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October 25, 2020
 
Board Chairs: Tap the Expertise Around You to Outlast the Pandemic
By Nanette Fridman

Nanette Fridman
Nanette Fridman

Leading a nonprofit board in ordinary times is challenging enough, but with the coronavirus pandemic multiplying those demands, board chairs should be sure to tap the expertise of their executive director/president and fellow board members to navigate the still-changing landscape.

Since the pandemic hit Massachusetts in March, board leaders, executives, and volunteers, have taken on a lot to deal with the implications of COVID-19 for the organization and its staff, programs, fundraising, operations, and governance. For some board chairs who were in the last year of their term, COVID made for a disruptive and rocky ending. As one board chair shared who ended her term in June, “I couldn’t have sustained the intensity of March to June for another month.”

With September in full swing, many new board chairs are now starting in their role. Bottom line: being board chair during a pandemic is not something they signed up for. But, this is where we are so here’s what we can do.

  • Acknowledge the difficulty of the situation. Board chairs and executives should have an open and honest conversation around how each are feeling about, and handling, the pandemic. They should jointly acknowledge the impact the crisis has on their families, jobs, and lives. Doing so will allow them to empathize and adjust expectations about the other’s time and energy accordingly.

  • Board chairs and executives should set explicit expectations for communication, meetings, and boundaries. How often will you meet? How often, and how, will you communicate between meetings? Are there days and times when the board chair is not available? Do you as board chair prefer to get questions and information as they arise, or collected and grouped together?

  • Board chairs should utilize the board structure:
    a) The Executive Committee: Many board chairs are reporting that they are leaning heavily on their executive committees because of the emergent nature of COVID-19 and how quickly things are moving; the abundance of work needing to get done between board meetings; work that doesn’t have a current home; and the need to support the executive director or CEO.

    b) Vice-Chairs: If you have vice-chairs without portfolios—or with portfolios and capacity to do more—have a conversation about specific roles or tasks they may be able and willing to take on.

    c) Ad Hoc Committees, Working Groups or Task Forces: Discuss if you need additional groups to handle in-depth work related to the coronavirus crisis and its impact. For example, many organizations had a COVID-19 advisory group comprised of health experts. Do you need a group to review your strategic plan in light of the pandemic, and specifically with scenario planning? Do you need a group to explore the building and facilities implications of COVID-19?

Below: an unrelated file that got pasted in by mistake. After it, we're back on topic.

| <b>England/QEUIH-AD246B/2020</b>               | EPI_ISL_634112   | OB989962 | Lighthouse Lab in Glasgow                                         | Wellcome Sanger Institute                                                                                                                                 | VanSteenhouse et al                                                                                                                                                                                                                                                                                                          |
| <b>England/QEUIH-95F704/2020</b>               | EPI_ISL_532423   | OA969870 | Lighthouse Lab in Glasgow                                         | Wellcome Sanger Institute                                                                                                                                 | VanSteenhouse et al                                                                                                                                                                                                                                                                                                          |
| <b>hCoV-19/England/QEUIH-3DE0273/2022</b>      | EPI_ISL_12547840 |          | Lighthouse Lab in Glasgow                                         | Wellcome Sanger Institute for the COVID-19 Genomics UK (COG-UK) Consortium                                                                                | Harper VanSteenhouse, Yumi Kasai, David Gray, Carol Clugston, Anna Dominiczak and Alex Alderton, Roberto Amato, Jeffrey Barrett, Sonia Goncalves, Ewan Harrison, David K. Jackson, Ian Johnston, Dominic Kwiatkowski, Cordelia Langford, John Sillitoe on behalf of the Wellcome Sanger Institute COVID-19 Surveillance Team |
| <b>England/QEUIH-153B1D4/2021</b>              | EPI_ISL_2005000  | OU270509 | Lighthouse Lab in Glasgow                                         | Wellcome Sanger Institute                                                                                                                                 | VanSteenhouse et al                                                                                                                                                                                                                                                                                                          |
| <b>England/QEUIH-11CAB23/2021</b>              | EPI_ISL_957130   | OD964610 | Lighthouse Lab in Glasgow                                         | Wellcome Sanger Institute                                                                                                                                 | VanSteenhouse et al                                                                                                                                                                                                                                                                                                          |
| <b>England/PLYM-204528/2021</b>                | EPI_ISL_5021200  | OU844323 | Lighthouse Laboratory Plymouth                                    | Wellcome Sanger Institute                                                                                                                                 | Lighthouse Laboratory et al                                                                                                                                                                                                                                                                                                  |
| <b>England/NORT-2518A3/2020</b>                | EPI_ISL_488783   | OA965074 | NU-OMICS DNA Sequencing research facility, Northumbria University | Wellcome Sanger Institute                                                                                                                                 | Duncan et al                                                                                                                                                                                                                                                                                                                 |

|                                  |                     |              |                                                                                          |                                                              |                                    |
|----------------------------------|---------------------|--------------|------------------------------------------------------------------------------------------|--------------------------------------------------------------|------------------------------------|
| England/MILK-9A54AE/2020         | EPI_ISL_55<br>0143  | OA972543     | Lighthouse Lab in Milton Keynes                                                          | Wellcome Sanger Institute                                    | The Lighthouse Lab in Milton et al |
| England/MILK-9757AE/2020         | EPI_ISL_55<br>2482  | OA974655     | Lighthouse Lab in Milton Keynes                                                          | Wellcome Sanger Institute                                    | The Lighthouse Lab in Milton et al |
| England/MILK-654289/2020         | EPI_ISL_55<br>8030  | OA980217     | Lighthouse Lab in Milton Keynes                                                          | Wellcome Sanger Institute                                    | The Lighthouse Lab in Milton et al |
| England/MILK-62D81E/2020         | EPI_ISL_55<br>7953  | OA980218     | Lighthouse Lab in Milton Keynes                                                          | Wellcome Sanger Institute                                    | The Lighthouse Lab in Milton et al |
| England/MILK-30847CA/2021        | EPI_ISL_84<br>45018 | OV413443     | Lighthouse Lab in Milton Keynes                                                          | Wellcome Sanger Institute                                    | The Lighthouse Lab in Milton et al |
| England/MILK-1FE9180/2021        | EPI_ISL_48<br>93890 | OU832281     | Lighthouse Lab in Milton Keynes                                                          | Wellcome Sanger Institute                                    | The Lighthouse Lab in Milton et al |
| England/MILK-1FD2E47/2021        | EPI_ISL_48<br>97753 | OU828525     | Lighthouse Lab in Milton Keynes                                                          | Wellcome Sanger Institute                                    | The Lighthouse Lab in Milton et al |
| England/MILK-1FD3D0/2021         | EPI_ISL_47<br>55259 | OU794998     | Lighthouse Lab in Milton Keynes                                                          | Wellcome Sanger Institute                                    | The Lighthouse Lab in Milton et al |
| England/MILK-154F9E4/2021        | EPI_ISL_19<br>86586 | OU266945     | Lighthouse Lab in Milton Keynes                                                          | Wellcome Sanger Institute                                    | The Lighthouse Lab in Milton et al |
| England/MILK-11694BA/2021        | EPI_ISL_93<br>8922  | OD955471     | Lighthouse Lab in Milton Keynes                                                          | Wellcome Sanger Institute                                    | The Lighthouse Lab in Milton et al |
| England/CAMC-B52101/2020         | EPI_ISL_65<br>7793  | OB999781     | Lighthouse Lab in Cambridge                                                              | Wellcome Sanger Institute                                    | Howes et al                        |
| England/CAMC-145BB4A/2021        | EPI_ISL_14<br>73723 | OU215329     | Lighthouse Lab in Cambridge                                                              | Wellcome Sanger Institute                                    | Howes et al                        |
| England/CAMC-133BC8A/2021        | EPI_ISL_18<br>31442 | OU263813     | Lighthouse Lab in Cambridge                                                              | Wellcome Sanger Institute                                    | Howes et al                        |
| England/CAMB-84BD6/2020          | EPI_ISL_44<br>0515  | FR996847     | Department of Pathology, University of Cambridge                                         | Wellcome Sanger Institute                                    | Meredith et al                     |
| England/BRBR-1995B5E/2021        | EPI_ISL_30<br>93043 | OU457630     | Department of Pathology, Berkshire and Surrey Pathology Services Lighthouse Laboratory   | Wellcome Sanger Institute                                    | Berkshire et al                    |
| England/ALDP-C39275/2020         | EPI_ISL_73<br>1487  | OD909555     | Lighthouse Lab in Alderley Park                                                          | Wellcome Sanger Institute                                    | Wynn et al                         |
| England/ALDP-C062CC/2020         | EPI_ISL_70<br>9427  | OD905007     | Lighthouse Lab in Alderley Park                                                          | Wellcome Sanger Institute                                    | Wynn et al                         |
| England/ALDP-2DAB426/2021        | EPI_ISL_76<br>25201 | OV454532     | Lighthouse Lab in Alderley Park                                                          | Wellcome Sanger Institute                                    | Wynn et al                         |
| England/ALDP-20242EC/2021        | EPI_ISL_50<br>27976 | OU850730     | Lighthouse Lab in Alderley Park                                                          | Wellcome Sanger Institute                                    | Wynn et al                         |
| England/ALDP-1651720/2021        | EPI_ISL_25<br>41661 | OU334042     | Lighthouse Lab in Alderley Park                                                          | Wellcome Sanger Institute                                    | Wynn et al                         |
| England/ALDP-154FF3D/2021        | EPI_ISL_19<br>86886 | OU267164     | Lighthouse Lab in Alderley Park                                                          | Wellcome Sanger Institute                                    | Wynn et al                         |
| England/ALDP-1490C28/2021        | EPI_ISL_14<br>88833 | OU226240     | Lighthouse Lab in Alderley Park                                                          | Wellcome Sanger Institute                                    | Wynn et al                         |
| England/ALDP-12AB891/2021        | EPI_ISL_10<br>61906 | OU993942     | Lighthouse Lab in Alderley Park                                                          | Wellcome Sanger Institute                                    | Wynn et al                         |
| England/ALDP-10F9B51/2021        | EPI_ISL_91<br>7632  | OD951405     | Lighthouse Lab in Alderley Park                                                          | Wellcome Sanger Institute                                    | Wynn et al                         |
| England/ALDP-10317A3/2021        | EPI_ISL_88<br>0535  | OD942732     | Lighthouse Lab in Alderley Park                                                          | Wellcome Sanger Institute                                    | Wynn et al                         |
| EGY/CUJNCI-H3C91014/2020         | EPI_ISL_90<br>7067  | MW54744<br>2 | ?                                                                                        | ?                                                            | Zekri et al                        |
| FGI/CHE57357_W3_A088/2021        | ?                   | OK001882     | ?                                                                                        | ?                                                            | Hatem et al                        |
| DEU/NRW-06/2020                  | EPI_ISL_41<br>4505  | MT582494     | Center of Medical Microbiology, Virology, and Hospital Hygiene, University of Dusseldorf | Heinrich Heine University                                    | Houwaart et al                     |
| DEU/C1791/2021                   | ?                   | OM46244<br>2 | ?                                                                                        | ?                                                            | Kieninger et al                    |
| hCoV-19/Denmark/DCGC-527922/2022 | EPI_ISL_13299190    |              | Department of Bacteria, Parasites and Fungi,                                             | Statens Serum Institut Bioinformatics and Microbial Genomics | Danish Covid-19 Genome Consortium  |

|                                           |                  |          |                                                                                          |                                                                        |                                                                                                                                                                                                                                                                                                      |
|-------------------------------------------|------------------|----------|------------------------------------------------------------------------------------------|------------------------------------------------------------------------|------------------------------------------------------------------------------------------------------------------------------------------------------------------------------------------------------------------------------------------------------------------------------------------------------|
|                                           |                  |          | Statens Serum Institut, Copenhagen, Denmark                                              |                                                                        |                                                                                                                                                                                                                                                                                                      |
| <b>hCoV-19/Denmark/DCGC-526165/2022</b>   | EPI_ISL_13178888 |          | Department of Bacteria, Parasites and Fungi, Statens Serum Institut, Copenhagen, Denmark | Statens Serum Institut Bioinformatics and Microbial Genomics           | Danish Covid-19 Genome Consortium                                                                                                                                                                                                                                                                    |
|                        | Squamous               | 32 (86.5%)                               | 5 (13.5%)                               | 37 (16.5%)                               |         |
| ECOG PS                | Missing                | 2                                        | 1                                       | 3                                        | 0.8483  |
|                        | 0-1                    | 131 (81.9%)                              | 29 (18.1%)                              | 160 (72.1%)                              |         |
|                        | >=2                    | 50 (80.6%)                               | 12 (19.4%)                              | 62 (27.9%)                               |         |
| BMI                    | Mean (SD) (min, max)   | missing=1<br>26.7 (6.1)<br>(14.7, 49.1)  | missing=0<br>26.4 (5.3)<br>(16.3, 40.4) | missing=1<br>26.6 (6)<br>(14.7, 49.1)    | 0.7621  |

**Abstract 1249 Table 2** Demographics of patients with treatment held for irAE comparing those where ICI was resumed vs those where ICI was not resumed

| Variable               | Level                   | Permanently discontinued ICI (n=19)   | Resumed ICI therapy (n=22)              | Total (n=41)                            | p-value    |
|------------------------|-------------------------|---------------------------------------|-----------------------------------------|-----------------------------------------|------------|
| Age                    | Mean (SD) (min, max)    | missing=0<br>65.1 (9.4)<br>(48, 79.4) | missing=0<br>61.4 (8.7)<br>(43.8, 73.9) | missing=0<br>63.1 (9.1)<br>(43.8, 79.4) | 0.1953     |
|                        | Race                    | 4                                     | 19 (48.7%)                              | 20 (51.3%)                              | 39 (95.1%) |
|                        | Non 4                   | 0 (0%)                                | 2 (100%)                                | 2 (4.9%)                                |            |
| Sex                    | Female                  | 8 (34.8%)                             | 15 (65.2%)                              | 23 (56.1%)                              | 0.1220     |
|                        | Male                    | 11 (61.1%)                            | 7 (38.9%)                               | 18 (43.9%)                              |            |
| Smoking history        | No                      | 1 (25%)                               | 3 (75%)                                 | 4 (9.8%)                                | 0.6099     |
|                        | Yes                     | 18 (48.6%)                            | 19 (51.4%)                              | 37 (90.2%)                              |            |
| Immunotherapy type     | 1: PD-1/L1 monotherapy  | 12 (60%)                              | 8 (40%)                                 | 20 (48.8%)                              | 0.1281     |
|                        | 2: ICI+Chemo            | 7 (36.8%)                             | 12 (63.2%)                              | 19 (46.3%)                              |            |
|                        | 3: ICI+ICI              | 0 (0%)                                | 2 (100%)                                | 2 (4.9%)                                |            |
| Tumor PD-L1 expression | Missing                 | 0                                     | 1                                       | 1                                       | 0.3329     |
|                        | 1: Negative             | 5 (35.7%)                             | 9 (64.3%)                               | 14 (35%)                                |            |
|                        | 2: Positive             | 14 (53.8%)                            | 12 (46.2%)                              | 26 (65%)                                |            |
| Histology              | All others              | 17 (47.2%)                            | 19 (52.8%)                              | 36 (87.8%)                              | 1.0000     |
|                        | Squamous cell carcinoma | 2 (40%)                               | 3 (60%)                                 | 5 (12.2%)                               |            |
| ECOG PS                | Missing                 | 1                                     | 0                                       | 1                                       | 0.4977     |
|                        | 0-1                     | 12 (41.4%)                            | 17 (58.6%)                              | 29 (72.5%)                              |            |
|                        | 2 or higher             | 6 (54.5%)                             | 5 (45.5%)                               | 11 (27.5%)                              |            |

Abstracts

d) Board Members: Many boards expect board members to serve on at least one committee. Make sure your committees are relevant at this moment and if the board or staff need additional help, consider asking board members to adopt a COVID Initiative or Plus Project from a menu.

    e) The Immediate Past Chair: While the immediate past chair just finished and is probably fatigued, he or she is the person who has the best understanding of the job, and depending on the timing, the current situation. Discuss how she will stay involved; explicitly ask about roles, tasks, and time commitments.

    f) A Mentor: Seasoned organizational and community board leaders, especially those who have led during other crises, e.g., 9/11, the Great Recession, natural catastrophes, can be invaluable resources. Ask for mentorship.

    g) A Coach: A professional coach can help board chairs—and sometimes board chairs and executives together—clarify roles and expectations, help prioritize competing needs, set goals, brainstorm about designing and facilitating meetings, discuss fundraising and practice for solicitations, examine committee structures and charges, and be an all-purpose sounding board.

    The board chair of course works in partnership with the professional executive, who also needs additional help and support. As they say on the airplane, put your own oxygen mask on first before helping others.

    Nanette R. Fridman is a veteran organizational strategist and leadership coach. She is the president of Fridman Strategies, partner in Working Wonders, and the author of two books, On Board and Holding the Gavel. Email her at fridmanstrategies@gmail.com.

    September 2020

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